In January, I wrote an article called USA: Global Oil King? In this article I briefly discussed a turnaround in U.S. oil and gas over the past few years. Not so much a turnaround helping prices again reach $100 oil, but a turnaround in which the U.S. climbs the ranks among world oil-and-gas powerhouses (in both production and exports). Then, yesterday, a report published by the International Energy Agency (IEA) announced its 5-year outlook, which places the U.S. as global leader of all oil production as soon as 2023.
Oil investors all over the world take note of IEA’s 5-year projections and speculate what helps oil producers make such significant strides. This is especially true when the report projects the dethroning of the top producer, which is currently Russia. In the case of U.S. producers, the factors contributing to their turnaround fall under what I’d call the entrepreneurial spirit (or maybe simply just, grit). Oil-and-gas producers domestically have taken advantage of boosts in technology, found nimble ways to increase efficiencies and have paved their own roads to profitability with minor upticks in prices. Now, it seems very likely, nifty U.S. producers will help the country pass Russia as the largest oil-producing country in the world in a mere 5 years, something previously thought to not happen until sometime in the 2040s (1).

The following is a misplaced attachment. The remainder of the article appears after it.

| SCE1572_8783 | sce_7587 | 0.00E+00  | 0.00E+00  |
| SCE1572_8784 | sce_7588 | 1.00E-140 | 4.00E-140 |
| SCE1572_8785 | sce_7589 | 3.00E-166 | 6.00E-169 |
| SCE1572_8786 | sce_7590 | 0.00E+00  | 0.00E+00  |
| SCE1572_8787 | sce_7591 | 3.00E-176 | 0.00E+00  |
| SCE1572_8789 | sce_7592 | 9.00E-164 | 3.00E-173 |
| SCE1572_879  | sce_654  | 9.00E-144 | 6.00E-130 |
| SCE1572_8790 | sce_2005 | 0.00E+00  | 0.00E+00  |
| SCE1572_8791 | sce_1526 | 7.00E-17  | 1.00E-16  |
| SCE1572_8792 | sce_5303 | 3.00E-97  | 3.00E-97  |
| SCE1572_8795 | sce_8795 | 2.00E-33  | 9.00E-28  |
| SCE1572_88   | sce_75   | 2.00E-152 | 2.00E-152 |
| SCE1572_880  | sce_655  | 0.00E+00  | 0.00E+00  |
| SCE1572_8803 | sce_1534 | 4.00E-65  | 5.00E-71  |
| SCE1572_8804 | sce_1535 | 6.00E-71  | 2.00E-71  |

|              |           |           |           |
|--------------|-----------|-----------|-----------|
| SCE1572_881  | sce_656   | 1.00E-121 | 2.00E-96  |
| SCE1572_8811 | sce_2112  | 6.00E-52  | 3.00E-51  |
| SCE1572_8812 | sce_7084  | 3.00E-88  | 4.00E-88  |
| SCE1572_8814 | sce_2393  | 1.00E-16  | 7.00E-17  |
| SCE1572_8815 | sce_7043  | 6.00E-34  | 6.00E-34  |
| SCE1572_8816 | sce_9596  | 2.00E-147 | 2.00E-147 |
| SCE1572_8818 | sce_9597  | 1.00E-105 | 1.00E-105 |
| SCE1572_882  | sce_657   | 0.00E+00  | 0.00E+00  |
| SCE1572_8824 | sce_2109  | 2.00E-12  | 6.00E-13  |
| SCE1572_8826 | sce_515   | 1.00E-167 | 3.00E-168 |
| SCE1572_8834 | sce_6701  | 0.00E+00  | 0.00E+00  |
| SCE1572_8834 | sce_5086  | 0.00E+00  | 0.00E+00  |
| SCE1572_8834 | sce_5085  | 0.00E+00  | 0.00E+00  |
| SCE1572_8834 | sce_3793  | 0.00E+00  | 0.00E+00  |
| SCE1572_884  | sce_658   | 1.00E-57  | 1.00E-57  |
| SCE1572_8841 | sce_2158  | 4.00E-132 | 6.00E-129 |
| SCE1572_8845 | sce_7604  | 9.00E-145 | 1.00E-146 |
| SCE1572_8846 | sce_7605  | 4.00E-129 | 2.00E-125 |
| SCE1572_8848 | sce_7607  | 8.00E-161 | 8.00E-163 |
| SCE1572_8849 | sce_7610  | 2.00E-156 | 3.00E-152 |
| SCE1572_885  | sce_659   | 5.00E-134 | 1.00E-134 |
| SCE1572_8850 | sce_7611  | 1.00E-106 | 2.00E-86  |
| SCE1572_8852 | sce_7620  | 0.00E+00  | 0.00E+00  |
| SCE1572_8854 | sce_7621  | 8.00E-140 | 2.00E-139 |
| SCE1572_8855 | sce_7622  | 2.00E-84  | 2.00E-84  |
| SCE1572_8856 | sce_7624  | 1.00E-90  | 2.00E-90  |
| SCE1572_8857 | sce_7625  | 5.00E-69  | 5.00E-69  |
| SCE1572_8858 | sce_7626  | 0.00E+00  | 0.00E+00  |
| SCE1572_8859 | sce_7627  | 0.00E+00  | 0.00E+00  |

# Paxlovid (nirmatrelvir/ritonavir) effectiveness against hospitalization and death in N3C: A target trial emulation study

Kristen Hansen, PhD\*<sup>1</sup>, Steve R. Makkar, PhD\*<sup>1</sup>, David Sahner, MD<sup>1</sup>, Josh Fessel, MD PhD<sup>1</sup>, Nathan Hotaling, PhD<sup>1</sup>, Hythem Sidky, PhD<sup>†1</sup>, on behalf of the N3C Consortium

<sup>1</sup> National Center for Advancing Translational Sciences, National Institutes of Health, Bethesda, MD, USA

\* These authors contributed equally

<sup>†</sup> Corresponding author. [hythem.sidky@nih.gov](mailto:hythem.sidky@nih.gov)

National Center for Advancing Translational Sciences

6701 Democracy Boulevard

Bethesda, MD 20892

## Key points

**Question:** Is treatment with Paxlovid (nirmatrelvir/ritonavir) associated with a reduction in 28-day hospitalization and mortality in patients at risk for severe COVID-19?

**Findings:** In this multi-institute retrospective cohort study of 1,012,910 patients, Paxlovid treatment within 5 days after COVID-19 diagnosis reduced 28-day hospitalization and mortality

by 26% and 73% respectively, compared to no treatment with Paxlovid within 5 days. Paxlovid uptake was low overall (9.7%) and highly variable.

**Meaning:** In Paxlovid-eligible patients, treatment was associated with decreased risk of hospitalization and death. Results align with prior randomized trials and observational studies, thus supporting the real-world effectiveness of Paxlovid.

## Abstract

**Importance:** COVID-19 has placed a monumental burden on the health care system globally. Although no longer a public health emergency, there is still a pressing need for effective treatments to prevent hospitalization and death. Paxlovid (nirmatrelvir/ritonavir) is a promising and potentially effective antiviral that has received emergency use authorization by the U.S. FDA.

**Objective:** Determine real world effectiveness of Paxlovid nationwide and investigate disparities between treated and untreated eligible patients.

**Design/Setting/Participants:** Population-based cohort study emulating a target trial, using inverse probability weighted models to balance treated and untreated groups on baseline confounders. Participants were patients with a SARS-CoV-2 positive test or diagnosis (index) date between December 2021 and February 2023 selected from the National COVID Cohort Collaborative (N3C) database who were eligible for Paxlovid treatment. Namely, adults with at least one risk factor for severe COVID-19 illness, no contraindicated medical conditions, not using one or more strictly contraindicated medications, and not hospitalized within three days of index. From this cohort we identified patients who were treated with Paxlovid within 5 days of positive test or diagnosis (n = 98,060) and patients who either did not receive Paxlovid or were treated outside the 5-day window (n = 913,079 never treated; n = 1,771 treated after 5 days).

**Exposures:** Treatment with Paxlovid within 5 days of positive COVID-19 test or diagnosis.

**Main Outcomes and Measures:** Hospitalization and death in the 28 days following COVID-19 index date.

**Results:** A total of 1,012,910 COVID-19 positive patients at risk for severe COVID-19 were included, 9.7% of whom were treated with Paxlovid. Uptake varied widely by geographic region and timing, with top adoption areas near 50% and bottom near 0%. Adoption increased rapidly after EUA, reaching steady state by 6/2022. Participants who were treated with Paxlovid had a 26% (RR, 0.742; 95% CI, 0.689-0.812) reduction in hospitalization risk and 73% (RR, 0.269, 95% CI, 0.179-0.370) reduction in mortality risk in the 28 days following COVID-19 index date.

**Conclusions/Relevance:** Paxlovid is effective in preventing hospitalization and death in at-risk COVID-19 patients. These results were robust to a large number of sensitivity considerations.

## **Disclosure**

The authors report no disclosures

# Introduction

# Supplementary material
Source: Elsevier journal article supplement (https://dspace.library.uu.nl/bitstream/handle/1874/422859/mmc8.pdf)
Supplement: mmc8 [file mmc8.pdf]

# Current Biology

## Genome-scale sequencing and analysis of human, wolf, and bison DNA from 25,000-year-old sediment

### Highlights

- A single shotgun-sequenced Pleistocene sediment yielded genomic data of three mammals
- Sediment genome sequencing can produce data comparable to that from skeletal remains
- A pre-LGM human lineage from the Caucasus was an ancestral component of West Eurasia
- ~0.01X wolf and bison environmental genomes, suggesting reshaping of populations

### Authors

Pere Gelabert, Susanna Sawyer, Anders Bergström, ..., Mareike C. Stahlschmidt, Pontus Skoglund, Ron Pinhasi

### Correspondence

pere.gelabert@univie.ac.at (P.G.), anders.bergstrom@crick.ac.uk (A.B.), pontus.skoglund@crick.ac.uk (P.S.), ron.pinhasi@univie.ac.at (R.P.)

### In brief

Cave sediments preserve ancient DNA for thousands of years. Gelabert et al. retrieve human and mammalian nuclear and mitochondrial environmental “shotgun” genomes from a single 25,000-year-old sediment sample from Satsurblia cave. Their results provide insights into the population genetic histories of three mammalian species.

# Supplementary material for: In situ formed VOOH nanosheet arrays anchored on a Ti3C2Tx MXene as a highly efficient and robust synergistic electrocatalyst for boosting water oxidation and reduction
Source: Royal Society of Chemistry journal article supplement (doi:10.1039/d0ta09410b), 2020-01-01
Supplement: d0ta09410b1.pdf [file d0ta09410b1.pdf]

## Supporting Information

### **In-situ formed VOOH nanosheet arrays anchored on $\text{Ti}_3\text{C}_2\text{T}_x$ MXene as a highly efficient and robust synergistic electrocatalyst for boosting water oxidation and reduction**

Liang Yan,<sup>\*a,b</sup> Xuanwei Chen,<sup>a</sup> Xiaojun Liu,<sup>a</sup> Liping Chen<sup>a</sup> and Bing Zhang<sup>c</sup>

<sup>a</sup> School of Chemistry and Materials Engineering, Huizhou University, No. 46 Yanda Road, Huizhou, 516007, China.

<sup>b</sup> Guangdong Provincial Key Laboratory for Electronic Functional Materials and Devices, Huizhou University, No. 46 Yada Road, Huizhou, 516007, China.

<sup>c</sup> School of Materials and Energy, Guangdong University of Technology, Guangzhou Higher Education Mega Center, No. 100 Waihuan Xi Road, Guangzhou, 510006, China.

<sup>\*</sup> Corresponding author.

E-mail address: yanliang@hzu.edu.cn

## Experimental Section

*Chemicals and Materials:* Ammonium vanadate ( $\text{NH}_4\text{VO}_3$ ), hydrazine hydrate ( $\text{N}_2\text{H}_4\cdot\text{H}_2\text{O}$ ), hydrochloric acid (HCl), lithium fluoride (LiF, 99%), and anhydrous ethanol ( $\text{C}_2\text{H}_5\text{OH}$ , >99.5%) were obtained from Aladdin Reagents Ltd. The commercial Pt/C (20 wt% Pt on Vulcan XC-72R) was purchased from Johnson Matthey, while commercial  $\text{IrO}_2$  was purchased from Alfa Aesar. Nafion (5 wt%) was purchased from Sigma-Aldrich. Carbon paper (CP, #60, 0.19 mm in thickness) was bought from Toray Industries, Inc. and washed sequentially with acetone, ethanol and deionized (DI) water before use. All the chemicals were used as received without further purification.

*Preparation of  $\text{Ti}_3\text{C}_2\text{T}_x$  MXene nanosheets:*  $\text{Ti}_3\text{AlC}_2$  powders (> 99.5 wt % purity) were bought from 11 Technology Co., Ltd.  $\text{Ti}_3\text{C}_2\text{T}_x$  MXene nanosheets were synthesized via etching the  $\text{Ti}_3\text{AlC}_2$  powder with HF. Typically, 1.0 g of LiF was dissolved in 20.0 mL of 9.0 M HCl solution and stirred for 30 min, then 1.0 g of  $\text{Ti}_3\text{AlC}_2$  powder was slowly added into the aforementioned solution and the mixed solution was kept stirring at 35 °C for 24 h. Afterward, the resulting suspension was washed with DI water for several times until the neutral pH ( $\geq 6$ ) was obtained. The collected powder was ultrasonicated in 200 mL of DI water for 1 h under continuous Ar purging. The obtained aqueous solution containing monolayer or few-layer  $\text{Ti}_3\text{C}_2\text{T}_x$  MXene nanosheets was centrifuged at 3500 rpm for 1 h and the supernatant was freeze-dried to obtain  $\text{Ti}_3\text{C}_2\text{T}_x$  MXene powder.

The Story by Numbers
An article in The Wall Street Journal yesterday is to thank as a resource for this snapshot of numbers:
- 12.1 million = The number of barrels of oil the U.S. is anticipated to produce in 2023, up from 10.6 million currently.
- 11 million = The number of barrels of oil Russia is anticipated to produce in 2023.
- 4.9 million = The number of barrels each day the U.S. will likely export in 2023, placing the U.S. among the largest oil exporters in the world.
- 100 million = The number of barrels each day demanded by global oil consumption as early as next year. 2019 would be the first time this number crossed the 100 million bbls/day mark. The main reason? A growing China.
The report also mentioned another possibility for top oil producer in the world come 2023: Saudi Arabia, which could reach a capacity of 12.3 million barrels each day of crude output. If Saudi Arabia pumped at its full capacity, it would likely keep the U.S. out of that top spot. However, the country enjoys its ability to act as a “swing supplier” that’s skilled at adjusting country-wide output based on global market needs.
The release of the information in the IEA’s report (including the warning that the oil industry was not investing enough in future supply) is likely to have caused a $1+ jump in oil prices today, with WTI hovering around $62.62 and Brent sitting around $65.84 (both midday numbers). What further effects the report might have on oil and gas prices in the near future, we shall see.
(1) See here.